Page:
Interesting but perhaps incongruent deduction re Catholic/Orthodox churches


#1

Disclaimer: I am a cradle Catholic who is considering eastern orthodoxy. Take that for what you will.

However, it seems to me that all of the sui juris rites I have examined have a liturgy that is a WHOLE lot closer to the orthodox Liturgy than the catholic Mass. Is this evidence for what the orthodox claim, that they are closer to what the Apostles created, and less “changed” than the Roman Church?

If so, how much of a jump is it to think that maybe, if they are more Orthodox in their worship, could their doctrine be closer to the original intent as well?

This is not a troll thread. It is something I have been wondering about…


#2

Sui juris rites evolve due to language and culture. Being eastern in background is perhaps the reason why they are closer to the Orthodox liturgy who share similar culture. The mass has not changed in form, matter and intention though.


#3

See, the child has grown. But it is still the Spouse of Christ.

It was a seed, but is now a tree, that every bird can rest in its branches. Can’t you recognize the Seed in the Tree? The Church that Christ build “subsists” in the Catholic Church.

By changing the way one expresses the same Faith, does it changes the same? Note that the substance of the form of the Catholic liturgy cannot change. Expressions change, but the Love does not.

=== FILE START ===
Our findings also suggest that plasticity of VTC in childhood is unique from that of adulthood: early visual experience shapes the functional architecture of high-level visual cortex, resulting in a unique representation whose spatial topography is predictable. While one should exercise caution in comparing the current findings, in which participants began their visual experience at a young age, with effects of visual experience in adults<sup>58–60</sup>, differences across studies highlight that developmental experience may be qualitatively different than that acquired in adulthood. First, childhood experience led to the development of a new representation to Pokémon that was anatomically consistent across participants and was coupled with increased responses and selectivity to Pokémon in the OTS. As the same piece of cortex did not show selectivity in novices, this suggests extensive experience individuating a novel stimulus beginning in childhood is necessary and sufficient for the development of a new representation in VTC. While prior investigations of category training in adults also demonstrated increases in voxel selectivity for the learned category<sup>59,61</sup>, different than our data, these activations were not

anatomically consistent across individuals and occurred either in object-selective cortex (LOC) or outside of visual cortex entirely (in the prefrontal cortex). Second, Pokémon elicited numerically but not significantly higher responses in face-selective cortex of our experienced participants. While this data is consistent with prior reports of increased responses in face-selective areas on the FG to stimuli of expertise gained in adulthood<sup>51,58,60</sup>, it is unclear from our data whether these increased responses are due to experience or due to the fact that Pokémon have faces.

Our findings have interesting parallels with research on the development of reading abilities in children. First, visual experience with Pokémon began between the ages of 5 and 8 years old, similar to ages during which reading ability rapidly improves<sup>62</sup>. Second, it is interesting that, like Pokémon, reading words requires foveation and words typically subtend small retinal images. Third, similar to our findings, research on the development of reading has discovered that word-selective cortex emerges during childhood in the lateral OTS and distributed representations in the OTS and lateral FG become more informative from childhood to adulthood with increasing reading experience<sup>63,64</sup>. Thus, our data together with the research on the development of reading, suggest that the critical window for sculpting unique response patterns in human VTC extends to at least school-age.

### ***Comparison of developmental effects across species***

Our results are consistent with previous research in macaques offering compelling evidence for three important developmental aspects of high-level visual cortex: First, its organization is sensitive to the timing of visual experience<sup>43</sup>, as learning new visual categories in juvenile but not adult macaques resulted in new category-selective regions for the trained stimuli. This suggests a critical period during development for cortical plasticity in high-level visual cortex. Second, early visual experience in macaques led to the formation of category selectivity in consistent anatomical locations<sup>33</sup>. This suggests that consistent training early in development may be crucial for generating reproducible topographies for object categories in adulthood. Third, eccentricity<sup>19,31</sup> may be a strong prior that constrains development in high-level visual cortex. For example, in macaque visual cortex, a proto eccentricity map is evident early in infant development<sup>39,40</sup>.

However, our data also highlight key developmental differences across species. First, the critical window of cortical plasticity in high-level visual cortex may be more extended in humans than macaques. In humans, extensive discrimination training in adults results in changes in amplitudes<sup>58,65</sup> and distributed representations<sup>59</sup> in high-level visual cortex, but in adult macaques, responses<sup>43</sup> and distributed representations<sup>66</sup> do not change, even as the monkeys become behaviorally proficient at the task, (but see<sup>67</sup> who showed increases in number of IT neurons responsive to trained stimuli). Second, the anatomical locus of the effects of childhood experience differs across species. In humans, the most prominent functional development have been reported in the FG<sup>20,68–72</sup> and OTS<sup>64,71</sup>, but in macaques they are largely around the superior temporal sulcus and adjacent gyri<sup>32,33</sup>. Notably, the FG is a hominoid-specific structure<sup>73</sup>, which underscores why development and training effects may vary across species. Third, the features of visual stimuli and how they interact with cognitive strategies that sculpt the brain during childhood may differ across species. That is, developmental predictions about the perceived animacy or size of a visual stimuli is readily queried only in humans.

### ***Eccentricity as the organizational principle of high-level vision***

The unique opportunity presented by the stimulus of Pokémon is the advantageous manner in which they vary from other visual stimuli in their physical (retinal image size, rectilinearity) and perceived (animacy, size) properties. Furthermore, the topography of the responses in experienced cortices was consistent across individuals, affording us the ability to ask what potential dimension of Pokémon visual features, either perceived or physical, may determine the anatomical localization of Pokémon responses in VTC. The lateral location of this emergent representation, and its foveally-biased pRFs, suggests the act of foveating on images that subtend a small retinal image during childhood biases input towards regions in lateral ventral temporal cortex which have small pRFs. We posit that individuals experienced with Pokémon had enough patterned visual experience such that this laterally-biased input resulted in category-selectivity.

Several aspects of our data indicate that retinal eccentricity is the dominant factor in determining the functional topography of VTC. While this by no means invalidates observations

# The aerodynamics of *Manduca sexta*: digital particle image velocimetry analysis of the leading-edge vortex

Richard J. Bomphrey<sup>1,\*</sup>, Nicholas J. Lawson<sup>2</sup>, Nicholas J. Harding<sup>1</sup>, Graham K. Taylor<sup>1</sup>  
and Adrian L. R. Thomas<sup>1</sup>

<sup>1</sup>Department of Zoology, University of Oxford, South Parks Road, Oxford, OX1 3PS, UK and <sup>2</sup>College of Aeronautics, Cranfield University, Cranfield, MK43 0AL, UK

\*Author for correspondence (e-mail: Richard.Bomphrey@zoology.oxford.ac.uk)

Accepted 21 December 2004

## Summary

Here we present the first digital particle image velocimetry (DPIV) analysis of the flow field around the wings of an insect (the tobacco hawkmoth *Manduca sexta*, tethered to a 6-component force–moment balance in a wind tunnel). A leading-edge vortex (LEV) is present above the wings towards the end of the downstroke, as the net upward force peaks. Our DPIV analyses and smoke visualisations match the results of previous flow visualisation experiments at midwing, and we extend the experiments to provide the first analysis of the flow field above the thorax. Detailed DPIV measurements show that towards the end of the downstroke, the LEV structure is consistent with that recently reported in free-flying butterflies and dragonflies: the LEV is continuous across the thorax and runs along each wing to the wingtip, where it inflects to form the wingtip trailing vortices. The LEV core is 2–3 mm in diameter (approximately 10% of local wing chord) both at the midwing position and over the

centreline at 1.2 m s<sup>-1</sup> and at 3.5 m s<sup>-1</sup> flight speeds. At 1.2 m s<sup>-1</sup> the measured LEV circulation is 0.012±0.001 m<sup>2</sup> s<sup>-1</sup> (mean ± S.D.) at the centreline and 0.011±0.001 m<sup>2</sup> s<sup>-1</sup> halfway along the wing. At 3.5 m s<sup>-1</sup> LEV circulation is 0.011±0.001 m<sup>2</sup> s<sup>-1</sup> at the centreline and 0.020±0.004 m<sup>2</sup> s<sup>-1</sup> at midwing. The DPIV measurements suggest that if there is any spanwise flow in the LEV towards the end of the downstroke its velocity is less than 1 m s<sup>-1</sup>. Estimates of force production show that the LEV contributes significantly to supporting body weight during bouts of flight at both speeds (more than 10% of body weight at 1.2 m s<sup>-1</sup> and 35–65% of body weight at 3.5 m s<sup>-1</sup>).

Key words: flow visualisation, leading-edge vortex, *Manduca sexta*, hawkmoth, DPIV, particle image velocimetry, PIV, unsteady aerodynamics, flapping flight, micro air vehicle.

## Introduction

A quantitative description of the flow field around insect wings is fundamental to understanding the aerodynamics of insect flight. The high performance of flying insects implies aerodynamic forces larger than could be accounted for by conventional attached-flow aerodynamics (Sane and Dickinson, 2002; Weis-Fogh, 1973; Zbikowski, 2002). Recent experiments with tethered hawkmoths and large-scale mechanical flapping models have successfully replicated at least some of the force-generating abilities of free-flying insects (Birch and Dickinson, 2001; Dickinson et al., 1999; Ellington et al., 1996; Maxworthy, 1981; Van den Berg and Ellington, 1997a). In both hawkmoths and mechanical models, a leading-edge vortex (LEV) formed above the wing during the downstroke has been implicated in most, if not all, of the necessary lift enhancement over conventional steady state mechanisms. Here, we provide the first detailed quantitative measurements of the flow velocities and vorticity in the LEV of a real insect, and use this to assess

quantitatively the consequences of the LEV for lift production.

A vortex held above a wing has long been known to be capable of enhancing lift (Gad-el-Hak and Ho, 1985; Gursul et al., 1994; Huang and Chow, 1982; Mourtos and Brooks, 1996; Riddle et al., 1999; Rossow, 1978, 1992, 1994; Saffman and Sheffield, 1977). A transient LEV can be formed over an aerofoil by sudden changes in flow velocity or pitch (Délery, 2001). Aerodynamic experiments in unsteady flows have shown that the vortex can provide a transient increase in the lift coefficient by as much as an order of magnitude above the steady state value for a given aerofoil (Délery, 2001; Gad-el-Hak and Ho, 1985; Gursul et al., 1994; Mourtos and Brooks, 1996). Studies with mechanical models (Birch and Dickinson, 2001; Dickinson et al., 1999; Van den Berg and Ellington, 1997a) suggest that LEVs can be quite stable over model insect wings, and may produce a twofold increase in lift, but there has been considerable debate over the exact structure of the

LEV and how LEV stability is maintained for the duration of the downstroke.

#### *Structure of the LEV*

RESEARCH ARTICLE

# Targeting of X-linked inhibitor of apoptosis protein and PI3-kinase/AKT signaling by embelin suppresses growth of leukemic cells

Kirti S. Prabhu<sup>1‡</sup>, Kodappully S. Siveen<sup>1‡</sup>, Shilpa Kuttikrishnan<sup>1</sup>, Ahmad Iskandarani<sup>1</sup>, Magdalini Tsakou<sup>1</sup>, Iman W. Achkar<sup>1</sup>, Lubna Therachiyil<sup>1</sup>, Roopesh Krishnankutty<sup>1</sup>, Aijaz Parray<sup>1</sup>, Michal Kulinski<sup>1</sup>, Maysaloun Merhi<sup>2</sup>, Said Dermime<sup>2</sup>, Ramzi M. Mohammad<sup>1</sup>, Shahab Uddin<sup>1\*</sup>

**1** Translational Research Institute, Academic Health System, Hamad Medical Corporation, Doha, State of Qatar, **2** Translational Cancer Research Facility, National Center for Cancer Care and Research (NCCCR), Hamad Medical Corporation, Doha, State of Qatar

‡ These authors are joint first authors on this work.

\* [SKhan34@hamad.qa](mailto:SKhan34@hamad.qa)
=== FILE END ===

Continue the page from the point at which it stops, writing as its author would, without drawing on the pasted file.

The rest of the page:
We have one King!


#4

Are your roots eastern? maybe you are drawn to that.
I know my roots are Italian that drew me to relearn to pray in Latin which is a beatiful language that is so similar to english in the way they construct sentences is eerie.


#5

Nope. It’s just as much changed, it’s just closer, or maybe just the same, as 1000 years ago. You want Liturgy as it was in the time of the Apostles, you have to meet at someone’s house with a few other people, read from something describing what Jesus did and said, discuss that or have someone talk about it, then share the breaking of the Bread. No one in any special vestments, no special rules about who says what when, the people in the next neighborhood will be doing things a bit differently.

I have no problem with Orthodoxy or you perhaps going that way. But it’s not better in terms of either Liturgy or theology. If there is a problem, it’s that they think it is.

Our Liturgy is the same as the 1st century in the elements and order, I believe. But the trappings around it, the forms have been standardized and have evolved to meet the needs of the various peoples around the world while still being so similar, that we are unified by that. It’s very comforting to know that in all the Catholic Parish churches around the world, whether cathedral or straw building or someone’s home in China, we are all reading the same Scripture, praying the same prayers, learning the same theology. We are, indeed, brothers and sisters in Christ.


#6

I’m not Orthodox because I believe divorce is a sin. Your move, Patriarchs.


#7

I don’t view this as the best way to approach this topic.


#8